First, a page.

Book Review: Middlemarch by George Elliot

By Tam Charlwood

Limited to one book on my travels, I bought the largest book I could find: Middlemarch. Initially I was unenthusiastic, yet I quickly fell in love. Middlemarch is an intense novel with a glorious range of characters. They are the driving force of the book; Eliot masterfully constructs and deconstructs them. It would be a disservice to George Eliot to say that her characters are perfectly rendered. The characters in Middlemarch are not bound to the realm of paper and ink, instead they are fully realised and flawed human beings (although critics seem to have it out for Will Ladislaw).

Eliot’s realism is a shining beacon of the style. Middlemarch is a historical novel, an intellectual novel, a romance novel, even a business novel! There is such breadth and depth, that each page seems to offer insight into society of the 1800s and society today. It is hard to say precisely what Middlemarch is about, since it is a meander through a country town with keen insights into humanity at large and small. Each page provides understanding into people, relationships, and society.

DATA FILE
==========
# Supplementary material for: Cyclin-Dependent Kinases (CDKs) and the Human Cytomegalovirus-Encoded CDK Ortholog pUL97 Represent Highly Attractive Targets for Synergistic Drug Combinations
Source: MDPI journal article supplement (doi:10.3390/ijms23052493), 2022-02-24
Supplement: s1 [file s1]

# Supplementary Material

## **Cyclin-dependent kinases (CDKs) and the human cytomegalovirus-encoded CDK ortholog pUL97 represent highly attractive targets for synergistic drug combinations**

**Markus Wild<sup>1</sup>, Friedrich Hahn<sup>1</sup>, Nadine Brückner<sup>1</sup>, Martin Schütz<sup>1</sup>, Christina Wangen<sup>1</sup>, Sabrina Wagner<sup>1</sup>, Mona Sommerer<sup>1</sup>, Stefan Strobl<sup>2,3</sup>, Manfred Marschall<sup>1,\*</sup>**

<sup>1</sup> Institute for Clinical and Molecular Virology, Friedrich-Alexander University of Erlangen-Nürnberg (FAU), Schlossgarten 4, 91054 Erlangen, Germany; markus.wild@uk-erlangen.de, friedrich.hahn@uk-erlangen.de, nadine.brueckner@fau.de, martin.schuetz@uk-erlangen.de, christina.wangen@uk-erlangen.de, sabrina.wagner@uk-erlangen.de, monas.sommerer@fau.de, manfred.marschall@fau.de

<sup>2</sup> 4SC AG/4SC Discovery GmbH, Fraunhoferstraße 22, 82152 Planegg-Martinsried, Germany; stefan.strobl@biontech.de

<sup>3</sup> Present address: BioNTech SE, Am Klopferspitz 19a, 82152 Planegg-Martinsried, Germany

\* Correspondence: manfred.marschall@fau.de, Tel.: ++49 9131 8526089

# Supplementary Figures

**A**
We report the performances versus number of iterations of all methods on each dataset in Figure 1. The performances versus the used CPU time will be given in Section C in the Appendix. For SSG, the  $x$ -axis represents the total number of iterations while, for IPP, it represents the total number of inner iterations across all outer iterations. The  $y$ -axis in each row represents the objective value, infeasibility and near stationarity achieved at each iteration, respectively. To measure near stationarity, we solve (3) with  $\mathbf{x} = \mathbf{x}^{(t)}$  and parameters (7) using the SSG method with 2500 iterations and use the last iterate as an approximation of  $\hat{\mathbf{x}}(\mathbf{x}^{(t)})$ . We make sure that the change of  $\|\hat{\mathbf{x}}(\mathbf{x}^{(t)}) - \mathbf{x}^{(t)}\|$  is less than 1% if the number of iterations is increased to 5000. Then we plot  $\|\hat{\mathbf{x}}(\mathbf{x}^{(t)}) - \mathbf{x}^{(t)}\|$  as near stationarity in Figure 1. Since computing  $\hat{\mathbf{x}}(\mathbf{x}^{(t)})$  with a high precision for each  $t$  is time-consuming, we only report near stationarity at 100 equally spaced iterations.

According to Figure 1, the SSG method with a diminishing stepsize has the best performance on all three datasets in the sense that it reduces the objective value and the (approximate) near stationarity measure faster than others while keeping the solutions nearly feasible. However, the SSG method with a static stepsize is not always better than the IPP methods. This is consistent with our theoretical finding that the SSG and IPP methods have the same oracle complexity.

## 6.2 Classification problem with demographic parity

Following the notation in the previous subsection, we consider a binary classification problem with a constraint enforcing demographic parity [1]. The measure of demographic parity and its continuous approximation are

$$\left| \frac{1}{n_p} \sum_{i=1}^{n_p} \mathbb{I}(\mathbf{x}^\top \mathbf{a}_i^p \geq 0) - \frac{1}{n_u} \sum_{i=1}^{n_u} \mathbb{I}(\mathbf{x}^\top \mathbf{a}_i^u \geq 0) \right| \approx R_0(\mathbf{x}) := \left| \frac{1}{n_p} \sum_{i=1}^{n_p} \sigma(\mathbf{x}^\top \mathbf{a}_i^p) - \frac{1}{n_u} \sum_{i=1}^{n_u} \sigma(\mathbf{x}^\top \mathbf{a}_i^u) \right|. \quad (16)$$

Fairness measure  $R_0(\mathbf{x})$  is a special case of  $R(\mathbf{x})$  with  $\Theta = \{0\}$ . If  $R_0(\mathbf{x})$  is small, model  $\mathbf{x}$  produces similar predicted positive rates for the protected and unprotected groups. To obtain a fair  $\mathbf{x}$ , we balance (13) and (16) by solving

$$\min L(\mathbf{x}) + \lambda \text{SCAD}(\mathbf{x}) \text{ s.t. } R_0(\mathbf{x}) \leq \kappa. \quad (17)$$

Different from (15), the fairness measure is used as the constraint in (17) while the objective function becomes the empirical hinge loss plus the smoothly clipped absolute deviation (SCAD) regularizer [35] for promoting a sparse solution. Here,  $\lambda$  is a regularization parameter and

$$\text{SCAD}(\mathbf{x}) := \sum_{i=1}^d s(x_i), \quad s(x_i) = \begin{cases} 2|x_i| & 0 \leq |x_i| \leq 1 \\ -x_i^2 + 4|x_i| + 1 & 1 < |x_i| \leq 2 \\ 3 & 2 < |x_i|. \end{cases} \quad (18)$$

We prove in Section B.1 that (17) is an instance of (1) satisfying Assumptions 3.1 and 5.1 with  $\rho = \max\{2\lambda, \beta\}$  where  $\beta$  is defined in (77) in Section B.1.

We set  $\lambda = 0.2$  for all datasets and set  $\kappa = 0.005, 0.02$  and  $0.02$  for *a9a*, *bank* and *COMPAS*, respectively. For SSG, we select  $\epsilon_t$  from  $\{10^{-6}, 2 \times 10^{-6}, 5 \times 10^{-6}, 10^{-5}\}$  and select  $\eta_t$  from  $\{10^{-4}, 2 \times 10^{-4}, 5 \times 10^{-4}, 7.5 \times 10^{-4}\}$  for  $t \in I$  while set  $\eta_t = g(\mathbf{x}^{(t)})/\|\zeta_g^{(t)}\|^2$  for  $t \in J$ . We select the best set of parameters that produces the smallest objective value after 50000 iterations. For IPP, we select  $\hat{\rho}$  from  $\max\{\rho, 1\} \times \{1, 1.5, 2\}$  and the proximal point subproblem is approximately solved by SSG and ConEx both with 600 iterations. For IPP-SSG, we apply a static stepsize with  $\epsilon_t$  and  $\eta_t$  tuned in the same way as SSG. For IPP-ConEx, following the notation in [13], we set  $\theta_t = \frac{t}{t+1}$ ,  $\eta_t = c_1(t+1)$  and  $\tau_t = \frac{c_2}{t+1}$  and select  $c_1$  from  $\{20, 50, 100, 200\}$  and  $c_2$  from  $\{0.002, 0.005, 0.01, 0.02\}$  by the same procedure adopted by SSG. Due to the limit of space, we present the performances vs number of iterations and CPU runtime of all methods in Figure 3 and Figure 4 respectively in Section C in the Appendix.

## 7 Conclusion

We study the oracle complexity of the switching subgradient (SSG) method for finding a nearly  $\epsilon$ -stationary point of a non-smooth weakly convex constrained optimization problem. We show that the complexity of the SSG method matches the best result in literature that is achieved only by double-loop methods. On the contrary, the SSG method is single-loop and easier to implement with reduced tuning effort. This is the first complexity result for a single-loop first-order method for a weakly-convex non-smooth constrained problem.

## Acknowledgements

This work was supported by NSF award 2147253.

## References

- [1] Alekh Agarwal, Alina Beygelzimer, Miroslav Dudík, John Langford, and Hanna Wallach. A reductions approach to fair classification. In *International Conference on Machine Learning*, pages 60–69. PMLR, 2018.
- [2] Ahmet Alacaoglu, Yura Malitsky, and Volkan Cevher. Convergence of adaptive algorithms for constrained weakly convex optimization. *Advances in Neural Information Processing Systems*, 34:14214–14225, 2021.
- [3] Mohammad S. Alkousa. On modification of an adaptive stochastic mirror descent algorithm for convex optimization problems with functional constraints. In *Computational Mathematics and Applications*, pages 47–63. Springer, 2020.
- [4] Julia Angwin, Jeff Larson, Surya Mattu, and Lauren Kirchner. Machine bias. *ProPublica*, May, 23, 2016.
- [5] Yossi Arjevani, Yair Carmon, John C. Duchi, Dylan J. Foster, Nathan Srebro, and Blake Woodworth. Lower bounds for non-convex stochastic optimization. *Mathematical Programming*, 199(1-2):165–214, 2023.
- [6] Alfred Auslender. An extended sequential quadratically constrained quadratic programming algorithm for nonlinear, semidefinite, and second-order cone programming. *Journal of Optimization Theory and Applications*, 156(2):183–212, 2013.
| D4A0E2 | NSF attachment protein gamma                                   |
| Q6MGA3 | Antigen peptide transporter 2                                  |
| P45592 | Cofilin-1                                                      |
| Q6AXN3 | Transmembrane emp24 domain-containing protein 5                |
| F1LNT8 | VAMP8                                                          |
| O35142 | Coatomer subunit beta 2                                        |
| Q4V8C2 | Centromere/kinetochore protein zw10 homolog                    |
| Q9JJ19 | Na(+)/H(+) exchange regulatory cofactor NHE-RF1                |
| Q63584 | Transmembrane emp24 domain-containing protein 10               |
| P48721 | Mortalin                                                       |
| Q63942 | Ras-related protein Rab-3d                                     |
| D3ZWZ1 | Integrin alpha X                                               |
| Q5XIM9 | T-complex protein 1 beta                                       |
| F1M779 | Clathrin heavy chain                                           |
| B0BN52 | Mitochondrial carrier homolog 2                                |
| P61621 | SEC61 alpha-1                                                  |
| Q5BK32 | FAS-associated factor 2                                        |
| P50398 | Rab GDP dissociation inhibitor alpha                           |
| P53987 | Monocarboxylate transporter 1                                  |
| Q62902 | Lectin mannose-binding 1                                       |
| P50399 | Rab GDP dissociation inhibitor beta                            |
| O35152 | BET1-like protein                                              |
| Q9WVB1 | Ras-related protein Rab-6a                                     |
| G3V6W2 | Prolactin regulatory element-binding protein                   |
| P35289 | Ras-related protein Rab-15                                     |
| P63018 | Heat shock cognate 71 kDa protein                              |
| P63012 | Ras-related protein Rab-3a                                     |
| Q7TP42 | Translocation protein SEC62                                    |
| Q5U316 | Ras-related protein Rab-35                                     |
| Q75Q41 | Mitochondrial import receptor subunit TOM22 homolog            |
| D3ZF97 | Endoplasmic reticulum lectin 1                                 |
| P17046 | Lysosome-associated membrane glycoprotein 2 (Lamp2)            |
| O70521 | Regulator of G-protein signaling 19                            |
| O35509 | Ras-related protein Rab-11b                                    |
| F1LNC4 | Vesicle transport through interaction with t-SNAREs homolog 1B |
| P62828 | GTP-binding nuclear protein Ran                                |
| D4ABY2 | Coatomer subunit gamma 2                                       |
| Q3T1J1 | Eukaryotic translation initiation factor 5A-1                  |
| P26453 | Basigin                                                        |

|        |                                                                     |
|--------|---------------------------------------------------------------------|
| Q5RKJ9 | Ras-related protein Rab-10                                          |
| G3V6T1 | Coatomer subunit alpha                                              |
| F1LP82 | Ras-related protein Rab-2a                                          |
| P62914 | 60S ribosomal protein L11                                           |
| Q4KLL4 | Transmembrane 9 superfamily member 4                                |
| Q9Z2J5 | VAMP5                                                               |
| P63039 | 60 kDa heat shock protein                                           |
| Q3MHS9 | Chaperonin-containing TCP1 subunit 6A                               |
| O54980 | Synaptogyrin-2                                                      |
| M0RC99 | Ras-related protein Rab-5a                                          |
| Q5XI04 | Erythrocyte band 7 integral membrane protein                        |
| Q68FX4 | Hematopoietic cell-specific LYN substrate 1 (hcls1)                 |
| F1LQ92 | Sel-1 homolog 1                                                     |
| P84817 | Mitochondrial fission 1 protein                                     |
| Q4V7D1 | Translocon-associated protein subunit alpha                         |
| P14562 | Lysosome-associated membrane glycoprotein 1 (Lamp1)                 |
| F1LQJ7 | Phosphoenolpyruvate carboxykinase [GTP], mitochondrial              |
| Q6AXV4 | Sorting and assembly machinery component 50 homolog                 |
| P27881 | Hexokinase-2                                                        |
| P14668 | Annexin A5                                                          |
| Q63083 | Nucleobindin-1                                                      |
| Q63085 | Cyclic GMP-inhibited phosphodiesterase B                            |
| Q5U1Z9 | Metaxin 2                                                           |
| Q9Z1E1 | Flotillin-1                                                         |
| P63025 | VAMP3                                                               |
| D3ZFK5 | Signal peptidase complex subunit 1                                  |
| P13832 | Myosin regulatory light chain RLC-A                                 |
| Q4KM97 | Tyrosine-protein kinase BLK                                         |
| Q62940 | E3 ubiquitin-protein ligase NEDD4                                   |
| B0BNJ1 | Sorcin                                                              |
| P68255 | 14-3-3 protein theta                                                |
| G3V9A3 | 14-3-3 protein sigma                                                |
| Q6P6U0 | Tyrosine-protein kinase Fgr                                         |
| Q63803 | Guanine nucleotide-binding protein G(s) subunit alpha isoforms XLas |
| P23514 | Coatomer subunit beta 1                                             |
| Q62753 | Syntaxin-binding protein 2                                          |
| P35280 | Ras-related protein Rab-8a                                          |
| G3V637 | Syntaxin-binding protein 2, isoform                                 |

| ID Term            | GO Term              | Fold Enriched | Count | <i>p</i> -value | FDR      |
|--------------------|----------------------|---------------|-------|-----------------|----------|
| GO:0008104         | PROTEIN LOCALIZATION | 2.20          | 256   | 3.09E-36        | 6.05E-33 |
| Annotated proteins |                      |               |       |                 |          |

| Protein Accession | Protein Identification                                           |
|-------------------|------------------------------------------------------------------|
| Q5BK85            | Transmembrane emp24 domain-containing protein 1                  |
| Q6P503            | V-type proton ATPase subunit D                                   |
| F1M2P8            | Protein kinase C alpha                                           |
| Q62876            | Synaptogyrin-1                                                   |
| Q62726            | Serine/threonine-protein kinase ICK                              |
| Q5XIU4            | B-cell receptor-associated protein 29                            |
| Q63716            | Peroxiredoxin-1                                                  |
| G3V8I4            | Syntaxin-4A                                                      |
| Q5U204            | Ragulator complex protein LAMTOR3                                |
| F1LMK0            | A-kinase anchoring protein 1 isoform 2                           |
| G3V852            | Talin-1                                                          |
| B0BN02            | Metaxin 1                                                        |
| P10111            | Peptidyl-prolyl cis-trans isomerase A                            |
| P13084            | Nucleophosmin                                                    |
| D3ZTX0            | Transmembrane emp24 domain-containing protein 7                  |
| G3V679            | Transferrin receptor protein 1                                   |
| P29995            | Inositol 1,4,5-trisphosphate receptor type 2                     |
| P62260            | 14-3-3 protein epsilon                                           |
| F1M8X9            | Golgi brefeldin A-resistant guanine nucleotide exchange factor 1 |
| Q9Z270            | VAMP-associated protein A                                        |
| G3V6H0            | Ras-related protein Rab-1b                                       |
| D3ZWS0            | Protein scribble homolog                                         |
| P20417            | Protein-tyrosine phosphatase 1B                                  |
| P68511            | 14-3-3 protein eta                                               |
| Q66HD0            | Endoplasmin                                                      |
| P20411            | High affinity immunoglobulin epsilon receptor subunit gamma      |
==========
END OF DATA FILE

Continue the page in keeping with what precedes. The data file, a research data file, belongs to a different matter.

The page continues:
Middlemarch has enriched my life – returning poor from travel, I recalled Lydgate’s financial difficulties; learning about Australia’s depressing detention centres, I keenly felt Dorothea’s need to do good “business”; and considering my path as a graduate, I was cautioned by Casaubon’s vain efforts.

For a time-poor law student, Middlemarch is a commitment. Yet as you read, you’ll forget about your other commitments. Whenever I read a book, I fold the bottom corners of pages that resonate with me for their prose or concepts. My Middlemarch has most of the lower page corners folded. Do not be daunted by the size of Middlemarch. Provided you exert some effort at the start, you will be amply awarded. Middlemarch will be a lifelong friend to you.

“Character is not cut in marble – it is not something solid and unalterable. It is something living and changing, and may become diseased as our bodies do.” Dorothea responds, “then it may be rescued and healed.”

Image Source: http://lithub.com/in-praise-of-the-book-tower/

 

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